Rabbi Pinchos Goldschmidt: Jews Must Get Out of Russia Now

FILE - In this July 12, 2012 file photo, Rabbi Pinchas Goldschmidt, cheif of the Conference of European Rabbis, gestures during a news conference in Berlin, Germany, Thursday, July 12, 2012. Chief Rabbi Goldschmidt will give the Moshe Rosen Award, which recognizes non-Jews who promote dialogue, understanding and tolerance to ensure a Jewish future in Europe, to founder of Catholic charity Andrea Riccardi during a ceremony Thursday, Oct. 24, 2019 in Rome. (AP Photo/Gero Breloer, file)

Rabbi Pinchos Goldschmidt, the former chief rabbi of Moscow, is sounding the alarm on a rise in antisemitism in Russia and the possible rise of a new Iron Curtain, telling Jews who still live in Russia to leave immediately.

“I’m concerned about the future of the Jewish community in Russia, and I’m not the only one concerned,” Rabbi Goldschmidt told DW News. “Tens of thousands of Jews have left the country since the beginning of the [Ukraine] invasion.”

Rabbi Goldschmidt himself left Russia just two weeks after the war in Ukraine commenced, with his daughter-in-law, Avital Chizhik-Goldschmidt, saying that the Kremlin was pressuring him to publicly support the invasion of Ukraine. Rabbi Goldschmidt, however, refused.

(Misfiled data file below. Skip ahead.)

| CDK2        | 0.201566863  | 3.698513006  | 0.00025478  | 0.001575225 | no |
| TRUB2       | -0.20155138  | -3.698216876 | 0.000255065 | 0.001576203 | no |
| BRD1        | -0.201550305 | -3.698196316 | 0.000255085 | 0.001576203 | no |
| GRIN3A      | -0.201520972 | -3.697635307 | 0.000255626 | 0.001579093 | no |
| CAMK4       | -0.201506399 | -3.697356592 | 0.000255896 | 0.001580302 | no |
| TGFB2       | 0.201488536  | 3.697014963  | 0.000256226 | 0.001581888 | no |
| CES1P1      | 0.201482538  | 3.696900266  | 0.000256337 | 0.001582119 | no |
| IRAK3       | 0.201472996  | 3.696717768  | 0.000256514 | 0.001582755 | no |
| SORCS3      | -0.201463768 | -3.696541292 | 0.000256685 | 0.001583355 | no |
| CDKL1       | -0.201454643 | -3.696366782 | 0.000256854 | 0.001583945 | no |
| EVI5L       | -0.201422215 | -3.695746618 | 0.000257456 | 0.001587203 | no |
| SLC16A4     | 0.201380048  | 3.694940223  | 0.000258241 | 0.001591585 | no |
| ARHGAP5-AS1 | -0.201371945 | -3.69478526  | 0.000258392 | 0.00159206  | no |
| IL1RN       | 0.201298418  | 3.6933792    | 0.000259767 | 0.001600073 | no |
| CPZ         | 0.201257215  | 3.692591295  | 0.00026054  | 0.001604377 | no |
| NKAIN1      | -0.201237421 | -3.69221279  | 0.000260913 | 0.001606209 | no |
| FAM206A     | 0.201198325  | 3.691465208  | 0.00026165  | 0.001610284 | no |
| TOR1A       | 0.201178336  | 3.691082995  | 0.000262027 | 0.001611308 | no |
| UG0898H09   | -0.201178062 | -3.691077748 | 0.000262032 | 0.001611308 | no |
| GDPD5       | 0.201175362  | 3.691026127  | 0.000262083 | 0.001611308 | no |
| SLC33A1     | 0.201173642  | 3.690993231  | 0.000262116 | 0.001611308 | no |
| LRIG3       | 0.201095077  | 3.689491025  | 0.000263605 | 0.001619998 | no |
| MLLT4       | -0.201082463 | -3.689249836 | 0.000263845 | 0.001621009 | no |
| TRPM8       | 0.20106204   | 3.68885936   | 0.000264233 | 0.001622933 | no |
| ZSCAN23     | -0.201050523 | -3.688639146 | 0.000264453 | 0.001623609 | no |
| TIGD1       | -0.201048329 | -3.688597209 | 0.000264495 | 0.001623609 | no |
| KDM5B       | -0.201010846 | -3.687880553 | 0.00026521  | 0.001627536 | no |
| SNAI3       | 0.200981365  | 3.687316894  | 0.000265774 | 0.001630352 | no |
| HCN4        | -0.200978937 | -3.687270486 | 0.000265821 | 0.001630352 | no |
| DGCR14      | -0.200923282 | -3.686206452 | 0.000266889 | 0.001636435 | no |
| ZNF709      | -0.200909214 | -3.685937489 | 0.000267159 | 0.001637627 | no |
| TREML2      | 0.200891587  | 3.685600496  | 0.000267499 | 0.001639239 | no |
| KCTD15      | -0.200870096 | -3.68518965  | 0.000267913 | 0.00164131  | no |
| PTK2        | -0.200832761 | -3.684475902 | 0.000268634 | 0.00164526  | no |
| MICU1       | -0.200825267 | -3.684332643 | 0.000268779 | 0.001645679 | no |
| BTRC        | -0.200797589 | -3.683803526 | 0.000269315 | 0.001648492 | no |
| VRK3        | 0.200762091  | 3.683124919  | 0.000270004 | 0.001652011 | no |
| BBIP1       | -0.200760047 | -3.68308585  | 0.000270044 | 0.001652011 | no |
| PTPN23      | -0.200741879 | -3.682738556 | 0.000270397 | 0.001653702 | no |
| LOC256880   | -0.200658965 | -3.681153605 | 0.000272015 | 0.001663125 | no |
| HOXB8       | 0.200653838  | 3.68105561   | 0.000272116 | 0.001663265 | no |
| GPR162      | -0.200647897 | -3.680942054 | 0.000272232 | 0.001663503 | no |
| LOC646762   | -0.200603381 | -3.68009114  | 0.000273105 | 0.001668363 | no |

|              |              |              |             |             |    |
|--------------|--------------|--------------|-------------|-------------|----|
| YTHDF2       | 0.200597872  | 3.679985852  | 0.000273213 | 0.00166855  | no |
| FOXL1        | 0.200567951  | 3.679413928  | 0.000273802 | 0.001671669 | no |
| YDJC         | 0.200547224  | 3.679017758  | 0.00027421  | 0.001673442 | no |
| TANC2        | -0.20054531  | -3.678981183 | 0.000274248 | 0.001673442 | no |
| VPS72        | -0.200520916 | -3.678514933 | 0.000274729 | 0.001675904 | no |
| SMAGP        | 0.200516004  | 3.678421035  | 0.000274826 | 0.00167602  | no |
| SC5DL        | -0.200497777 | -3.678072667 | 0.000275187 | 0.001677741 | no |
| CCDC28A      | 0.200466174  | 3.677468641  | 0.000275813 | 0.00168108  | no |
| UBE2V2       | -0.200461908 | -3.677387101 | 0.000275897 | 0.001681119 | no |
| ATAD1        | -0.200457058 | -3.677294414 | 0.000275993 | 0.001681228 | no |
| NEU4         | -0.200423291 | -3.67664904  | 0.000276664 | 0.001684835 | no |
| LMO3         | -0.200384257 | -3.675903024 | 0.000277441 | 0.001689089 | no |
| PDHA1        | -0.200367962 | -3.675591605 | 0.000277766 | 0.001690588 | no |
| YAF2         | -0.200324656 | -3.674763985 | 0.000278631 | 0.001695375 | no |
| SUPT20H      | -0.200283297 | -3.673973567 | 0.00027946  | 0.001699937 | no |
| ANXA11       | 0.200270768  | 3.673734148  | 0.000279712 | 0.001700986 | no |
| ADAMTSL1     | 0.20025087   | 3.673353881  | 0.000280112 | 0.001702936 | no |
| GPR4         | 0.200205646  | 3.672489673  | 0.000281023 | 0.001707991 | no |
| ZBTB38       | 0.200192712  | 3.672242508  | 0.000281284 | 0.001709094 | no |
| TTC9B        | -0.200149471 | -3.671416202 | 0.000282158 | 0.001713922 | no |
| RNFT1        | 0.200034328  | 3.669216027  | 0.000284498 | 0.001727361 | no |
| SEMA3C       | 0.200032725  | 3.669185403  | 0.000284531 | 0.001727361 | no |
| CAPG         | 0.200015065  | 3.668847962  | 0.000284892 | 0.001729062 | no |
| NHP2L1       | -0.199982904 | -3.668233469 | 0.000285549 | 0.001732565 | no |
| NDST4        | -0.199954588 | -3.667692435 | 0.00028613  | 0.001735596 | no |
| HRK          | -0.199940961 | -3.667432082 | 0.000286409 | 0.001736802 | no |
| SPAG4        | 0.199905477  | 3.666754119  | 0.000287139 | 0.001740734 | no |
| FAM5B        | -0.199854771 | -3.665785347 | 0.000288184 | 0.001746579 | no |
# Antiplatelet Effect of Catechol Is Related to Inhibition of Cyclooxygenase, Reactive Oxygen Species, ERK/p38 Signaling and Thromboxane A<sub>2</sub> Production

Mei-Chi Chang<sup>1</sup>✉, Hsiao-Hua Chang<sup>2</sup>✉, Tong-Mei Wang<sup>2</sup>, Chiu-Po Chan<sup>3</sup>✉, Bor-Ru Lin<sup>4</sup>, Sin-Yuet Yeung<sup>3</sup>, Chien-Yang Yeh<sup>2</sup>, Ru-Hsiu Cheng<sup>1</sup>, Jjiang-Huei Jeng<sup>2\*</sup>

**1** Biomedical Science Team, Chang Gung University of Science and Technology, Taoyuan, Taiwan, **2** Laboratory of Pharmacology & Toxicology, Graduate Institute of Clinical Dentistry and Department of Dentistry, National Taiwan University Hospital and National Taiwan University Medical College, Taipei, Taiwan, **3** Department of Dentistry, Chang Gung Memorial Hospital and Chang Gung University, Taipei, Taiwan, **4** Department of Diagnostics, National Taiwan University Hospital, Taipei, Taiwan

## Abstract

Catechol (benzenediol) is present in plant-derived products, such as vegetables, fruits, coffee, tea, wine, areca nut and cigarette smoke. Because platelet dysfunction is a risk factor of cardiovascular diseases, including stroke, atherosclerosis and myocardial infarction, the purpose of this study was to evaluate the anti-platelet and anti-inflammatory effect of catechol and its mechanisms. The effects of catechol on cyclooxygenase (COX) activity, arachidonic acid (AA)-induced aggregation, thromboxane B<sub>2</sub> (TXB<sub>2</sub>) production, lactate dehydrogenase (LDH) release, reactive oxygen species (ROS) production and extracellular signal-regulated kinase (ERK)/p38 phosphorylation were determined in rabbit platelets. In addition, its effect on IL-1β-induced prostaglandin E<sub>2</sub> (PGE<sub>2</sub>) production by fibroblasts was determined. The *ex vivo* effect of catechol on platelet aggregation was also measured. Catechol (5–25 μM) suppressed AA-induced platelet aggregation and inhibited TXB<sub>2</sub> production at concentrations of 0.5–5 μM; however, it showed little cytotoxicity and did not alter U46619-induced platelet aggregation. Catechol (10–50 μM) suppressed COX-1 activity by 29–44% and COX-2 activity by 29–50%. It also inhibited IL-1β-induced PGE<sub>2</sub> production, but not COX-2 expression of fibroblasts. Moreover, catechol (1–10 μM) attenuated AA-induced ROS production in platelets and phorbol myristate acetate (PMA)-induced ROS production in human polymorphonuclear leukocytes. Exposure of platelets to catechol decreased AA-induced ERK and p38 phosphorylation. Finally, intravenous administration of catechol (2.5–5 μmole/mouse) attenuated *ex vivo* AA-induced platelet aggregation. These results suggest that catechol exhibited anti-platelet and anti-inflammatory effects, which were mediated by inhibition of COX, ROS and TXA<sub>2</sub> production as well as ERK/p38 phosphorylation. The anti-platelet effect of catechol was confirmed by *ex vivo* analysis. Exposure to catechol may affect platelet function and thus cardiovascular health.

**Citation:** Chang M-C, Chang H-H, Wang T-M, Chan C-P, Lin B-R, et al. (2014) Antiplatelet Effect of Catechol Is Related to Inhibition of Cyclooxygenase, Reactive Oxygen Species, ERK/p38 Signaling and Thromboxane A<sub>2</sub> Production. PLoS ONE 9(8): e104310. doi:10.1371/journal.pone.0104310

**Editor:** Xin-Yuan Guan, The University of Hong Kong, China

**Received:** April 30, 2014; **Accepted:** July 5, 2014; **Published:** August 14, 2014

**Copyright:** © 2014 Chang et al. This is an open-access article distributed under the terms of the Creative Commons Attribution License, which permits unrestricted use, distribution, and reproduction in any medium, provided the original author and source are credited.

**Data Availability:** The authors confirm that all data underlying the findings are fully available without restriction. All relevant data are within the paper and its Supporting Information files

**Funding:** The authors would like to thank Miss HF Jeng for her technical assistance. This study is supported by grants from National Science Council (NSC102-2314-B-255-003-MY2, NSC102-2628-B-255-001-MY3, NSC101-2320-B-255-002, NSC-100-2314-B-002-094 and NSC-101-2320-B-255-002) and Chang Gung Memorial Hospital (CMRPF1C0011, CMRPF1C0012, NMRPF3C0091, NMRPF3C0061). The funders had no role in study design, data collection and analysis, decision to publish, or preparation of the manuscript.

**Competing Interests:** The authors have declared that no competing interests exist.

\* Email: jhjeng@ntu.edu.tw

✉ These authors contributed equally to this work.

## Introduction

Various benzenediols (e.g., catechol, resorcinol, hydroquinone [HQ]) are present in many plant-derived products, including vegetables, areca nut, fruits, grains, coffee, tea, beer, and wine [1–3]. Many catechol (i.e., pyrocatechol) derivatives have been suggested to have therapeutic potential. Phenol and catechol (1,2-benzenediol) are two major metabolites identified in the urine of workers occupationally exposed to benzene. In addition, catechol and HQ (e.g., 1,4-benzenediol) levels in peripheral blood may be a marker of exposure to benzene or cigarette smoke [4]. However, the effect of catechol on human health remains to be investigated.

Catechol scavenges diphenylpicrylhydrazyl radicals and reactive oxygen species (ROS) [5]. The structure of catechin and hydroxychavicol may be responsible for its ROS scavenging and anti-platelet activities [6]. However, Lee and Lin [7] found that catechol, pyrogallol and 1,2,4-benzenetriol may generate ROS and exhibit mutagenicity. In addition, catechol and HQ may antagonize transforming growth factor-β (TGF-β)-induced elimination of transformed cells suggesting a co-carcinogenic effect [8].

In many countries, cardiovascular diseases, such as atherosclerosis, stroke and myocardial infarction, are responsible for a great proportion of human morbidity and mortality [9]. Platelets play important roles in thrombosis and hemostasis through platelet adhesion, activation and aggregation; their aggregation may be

Rabbi Goldschmidt now lives in Israel, and he told DW News that he agrees with former Soviet Union refusenik Natan Sharansky that Russian Jews should flee the country when they can.

“I support this view for many reasons,” he said. “There are many reasons why Jews today are concerned about the future of Russia: the rise in antisemitism [and with] the possibility of the closing of the Iron Curtain, it is going to be impossible to leave.”

Rabbi Goldschmidt added that he left Russia because he felt it was incumbent on him to speak out for what is right and true.

“Judaism is a religion of deeds. It’s not only a religion of thoughts and beliefs, it is the actual deed which is important for us. We call this deed a mitzvah,” he said. “Speaking out has been secondary first and most important has been the feeling and the realization that we have to do something to help those thousands of refugees of our communities who had to leave for Eastern Europe just with maybe one suitcase, who didn’t have a roof over their heads.”

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